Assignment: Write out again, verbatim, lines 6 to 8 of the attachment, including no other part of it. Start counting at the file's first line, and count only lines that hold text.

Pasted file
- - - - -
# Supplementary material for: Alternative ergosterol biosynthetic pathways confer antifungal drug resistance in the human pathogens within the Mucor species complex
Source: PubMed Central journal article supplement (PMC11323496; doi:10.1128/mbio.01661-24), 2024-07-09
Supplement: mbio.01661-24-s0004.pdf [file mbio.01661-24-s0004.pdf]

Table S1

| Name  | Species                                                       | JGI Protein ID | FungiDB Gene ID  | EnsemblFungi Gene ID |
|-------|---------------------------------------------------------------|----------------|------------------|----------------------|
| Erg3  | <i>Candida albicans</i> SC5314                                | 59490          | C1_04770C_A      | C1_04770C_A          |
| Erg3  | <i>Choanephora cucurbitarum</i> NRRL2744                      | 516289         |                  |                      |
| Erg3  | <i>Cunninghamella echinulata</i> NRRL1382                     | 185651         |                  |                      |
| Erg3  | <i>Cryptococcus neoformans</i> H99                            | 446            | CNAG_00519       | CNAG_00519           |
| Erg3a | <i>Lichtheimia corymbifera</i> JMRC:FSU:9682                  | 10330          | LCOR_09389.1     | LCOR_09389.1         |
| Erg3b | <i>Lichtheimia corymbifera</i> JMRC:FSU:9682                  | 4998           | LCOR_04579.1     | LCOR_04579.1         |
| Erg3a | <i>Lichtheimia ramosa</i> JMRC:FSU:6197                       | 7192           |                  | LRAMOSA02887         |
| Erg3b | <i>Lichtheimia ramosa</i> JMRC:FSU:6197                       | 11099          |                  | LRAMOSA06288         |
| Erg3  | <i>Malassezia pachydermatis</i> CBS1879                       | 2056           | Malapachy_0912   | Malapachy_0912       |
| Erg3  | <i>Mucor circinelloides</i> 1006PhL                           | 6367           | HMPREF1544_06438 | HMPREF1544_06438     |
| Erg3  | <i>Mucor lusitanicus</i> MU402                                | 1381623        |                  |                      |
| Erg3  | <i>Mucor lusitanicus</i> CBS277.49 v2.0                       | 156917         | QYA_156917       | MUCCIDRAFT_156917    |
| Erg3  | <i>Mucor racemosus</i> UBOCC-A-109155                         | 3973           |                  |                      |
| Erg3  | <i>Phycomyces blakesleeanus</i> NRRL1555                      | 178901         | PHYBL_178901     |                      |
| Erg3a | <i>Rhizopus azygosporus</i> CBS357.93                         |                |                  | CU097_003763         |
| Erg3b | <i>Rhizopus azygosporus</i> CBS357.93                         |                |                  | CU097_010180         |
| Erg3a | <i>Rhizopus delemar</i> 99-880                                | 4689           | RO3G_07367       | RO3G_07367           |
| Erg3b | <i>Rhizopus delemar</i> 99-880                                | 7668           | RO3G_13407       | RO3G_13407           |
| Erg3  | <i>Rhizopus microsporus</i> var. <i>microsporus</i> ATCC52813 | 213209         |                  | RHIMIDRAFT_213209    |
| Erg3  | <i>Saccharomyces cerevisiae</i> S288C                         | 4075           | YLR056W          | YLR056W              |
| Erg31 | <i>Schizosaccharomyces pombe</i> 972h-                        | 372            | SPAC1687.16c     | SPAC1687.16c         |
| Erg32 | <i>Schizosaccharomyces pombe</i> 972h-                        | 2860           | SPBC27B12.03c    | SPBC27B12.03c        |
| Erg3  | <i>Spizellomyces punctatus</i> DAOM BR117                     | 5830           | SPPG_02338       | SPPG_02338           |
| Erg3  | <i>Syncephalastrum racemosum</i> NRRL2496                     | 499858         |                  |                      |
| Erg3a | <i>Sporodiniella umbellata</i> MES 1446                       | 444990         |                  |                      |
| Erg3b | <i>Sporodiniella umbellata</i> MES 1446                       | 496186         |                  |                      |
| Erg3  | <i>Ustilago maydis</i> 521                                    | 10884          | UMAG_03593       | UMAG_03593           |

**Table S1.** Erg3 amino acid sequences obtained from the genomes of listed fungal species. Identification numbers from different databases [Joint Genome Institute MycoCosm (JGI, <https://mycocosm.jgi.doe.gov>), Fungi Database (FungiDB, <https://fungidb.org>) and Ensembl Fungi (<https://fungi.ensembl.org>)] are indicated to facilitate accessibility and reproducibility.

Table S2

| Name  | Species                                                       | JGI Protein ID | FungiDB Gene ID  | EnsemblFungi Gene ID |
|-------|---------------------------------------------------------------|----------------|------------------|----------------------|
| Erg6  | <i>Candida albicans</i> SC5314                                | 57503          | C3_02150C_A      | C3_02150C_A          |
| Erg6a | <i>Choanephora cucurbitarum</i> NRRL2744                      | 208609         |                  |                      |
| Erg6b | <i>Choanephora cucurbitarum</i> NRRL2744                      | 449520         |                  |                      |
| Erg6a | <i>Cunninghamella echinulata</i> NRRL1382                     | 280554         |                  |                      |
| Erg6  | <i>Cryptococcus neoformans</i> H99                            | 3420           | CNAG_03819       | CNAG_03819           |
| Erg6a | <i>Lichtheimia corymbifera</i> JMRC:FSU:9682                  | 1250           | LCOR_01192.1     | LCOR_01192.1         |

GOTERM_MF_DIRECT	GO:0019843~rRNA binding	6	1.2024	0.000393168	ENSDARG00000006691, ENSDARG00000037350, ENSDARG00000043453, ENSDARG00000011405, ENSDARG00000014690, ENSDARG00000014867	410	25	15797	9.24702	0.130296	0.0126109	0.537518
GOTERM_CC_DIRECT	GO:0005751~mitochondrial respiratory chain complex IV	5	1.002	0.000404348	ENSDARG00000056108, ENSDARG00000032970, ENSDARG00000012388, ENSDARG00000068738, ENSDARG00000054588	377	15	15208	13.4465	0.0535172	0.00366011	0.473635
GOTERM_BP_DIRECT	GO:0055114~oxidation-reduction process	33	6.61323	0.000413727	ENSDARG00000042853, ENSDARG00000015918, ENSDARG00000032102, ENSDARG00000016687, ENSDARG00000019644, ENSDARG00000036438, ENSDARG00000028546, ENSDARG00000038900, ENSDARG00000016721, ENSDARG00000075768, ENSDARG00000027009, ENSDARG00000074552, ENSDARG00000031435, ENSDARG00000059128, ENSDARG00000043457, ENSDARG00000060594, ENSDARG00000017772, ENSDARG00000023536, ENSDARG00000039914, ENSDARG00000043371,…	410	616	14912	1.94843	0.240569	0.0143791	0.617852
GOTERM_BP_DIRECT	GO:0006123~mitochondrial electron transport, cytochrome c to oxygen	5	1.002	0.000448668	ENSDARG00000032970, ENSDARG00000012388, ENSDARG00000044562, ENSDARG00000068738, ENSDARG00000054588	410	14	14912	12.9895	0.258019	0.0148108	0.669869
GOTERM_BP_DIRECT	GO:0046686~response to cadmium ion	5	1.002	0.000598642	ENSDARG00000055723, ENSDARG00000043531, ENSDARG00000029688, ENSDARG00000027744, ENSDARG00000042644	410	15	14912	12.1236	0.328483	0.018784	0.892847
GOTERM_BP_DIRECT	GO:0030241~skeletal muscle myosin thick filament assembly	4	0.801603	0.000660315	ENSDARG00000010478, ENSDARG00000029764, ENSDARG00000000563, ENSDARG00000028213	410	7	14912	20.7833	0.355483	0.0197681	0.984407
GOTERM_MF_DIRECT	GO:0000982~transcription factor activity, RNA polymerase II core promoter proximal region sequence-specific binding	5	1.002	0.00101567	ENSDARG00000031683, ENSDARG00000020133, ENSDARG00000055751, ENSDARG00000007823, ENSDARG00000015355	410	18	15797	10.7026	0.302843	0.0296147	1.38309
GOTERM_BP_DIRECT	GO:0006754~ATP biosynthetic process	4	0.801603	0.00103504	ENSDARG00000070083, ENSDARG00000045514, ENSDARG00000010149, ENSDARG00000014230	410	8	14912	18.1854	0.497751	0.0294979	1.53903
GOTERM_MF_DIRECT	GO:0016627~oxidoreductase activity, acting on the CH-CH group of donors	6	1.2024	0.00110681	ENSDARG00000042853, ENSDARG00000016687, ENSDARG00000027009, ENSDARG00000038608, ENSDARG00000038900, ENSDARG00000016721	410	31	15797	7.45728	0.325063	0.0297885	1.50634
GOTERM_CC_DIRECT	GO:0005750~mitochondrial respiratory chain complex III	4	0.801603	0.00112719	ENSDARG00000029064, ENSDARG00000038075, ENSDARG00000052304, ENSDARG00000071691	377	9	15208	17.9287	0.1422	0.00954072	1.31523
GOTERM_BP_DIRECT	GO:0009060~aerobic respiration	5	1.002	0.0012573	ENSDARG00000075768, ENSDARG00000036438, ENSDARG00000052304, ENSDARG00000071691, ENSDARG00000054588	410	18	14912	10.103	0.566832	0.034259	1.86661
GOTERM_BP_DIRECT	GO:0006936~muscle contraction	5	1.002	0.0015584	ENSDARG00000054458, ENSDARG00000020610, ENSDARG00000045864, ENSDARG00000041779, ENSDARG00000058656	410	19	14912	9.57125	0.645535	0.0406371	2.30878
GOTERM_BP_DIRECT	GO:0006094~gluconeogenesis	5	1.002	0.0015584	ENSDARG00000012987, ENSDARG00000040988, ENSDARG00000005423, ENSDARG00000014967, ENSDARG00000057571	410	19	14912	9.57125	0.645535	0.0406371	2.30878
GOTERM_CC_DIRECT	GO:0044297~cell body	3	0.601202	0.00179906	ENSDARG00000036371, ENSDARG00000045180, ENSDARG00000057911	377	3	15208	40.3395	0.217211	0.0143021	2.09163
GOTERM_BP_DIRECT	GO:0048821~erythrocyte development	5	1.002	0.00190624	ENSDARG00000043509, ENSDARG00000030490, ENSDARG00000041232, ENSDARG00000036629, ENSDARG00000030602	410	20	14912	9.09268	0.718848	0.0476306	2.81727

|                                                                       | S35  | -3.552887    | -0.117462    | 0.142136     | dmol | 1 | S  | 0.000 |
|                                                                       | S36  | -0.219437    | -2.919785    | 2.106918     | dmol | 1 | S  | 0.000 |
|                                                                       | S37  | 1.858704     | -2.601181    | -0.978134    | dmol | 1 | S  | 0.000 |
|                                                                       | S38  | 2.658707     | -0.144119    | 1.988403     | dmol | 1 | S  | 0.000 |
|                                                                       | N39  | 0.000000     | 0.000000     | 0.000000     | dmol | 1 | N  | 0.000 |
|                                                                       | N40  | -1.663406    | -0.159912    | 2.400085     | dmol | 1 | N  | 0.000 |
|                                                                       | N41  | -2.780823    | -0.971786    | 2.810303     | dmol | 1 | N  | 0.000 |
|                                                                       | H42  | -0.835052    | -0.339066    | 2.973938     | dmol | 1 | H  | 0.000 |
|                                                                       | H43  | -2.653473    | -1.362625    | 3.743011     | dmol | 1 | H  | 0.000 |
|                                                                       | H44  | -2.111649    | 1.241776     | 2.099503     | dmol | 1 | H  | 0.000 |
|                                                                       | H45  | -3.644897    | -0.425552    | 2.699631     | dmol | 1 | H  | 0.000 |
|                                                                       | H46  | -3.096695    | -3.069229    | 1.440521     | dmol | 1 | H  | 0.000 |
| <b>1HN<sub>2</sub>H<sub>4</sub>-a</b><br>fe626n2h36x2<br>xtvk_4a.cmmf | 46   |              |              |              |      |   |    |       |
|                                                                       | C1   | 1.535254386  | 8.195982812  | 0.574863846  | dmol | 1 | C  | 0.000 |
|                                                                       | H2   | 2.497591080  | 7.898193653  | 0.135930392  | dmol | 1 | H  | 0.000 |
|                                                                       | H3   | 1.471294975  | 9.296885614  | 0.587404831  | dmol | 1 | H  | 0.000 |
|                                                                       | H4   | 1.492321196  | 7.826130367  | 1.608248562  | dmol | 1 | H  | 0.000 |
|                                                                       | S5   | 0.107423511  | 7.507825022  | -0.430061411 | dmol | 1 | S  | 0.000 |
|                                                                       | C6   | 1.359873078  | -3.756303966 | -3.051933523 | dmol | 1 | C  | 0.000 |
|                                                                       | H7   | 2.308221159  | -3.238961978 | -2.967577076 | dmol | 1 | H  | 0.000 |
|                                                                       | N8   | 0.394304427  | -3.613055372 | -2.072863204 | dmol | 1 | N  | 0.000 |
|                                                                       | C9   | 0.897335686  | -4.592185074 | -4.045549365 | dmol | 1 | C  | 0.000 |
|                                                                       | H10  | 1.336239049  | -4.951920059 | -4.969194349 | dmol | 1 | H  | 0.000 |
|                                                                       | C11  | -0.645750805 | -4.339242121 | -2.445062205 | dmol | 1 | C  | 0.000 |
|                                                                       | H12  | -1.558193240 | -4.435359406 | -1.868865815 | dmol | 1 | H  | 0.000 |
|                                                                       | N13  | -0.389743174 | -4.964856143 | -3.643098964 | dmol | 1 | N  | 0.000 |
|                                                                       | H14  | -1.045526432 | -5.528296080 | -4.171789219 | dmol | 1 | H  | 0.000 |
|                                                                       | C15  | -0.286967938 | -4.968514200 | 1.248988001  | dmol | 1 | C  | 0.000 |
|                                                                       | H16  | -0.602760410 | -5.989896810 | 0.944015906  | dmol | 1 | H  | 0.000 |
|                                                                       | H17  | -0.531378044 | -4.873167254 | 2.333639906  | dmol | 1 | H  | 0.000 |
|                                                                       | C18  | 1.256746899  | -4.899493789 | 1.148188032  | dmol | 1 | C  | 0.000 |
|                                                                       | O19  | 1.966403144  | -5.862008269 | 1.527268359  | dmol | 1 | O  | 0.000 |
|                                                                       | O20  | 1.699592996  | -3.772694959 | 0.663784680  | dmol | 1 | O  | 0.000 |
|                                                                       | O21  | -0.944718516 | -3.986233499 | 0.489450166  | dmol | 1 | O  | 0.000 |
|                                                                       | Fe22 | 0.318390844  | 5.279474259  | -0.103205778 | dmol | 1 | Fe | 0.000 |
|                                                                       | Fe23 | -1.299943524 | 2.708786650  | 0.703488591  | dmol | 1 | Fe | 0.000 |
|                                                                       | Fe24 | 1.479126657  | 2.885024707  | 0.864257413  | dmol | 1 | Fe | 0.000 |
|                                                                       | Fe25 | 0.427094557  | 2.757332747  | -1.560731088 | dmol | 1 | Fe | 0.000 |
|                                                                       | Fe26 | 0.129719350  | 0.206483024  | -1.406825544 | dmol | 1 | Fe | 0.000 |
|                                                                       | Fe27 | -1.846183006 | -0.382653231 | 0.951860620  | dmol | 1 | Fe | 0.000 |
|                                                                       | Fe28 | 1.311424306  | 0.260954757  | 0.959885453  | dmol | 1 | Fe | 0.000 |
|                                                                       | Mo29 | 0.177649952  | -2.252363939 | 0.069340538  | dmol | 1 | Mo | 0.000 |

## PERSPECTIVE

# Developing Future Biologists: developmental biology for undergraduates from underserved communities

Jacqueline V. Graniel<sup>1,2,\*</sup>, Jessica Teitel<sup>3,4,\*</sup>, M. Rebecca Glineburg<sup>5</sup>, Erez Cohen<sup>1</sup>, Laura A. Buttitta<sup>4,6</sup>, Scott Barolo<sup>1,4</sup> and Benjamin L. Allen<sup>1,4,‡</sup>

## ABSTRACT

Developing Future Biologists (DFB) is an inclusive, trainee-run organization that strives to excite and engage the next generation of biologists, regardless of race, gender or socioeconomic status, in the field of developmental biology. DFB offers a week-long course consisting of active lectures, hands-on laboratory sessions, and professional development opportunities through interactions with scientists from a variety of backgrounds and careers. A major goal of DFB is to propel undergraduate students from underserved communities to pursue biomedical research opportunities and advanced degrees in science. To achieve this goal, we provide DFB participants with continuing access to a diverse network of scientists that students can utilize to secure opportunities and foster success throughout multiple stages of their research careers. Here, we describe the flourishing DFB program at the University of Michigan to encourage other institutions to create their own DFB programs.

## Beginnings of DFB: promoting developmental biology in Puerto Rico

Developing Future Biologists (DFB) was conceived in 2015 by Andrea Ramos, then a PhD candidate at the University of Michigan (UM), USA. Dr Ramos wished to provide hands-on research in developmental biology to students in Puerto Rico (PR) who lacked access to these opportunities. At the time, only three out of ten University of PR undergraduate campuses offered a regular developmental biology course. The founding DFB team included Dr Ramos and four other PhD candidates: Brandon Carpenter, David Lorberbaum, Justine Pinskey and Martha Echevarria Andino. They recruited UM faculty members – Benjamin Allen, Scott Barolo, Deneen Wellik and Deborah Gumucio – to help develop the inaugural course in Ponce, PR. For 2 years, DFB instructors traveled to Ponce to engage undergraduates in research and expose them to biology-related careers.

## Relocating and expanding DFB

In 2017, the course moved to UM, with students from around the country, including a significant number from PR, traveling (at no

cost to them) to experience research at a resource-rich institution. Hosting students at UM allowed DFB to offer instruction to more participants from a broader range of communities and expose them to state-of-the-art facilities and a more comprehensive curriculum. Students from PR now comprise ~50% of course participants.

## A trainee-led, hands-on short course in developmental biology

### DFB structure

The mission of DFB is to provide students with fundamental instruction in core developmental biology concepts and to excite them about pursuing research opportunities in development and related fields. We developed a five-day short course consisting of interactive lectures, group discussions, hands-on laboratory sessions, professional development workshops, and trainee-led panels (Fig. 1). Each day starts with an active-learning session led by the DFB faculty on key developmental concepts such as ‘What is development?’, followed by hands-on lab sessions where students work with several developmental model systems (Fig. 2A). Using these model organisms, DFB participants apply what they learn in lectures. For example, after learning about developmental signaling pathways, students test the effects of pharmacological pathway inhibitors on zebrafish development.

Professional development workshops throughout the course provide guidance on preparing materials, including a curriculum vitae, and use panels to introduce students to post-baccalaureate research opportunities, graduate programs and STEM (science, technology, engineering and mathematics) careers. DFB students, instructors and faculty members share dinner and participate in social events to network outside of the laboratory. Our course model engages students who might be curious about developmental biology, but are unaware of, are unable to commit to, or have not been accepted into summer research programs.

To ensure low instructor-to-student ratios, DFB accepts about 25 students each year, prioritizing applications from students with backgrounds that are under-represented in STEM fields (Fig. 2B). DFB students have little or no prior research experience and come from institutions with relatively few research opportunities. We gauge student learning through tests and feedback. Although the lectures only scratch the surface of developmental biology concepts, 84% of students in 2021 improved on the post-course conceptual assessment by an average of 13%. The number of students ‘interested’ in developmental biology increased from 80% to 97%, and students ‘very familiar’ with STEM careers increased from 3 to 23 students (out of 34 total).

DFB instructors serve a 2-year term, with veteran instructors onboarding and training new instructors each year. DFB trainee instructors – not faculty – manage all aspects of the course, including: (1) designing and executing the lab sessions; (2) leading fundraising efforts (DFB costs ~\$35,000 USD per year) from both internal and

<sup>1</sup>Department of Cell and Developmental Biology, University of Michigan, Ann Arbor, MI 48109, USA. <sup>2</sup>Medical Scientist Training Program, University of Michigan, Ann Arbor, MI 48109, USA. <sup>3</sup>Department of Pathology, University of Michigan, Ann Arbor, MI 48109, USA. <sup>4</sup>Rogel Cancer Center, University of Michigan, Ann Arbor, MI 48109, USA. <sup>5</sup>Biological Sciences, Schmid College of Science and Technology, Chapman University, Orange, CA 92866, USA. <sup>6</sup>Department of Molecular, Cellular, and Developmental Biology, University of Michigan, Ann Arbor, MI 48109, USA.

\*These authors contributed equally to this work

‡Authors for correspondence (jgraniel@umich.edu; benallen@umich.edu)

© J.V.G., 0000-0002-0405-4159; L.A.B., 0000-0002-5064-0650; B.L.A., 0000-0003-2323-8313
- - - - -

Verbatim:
|-------|---------------------------------------------------------------|----------------|------------------|----------------------|
| Erg3  | <i>Candida albicans</i> SC5314                                | 59490          | C1_04770C_A      | C1_04770C_A          |
| Erg3  | <i>Choanephora cucurbitarum</i> NRRL2744                      | 516289         |                  |                      |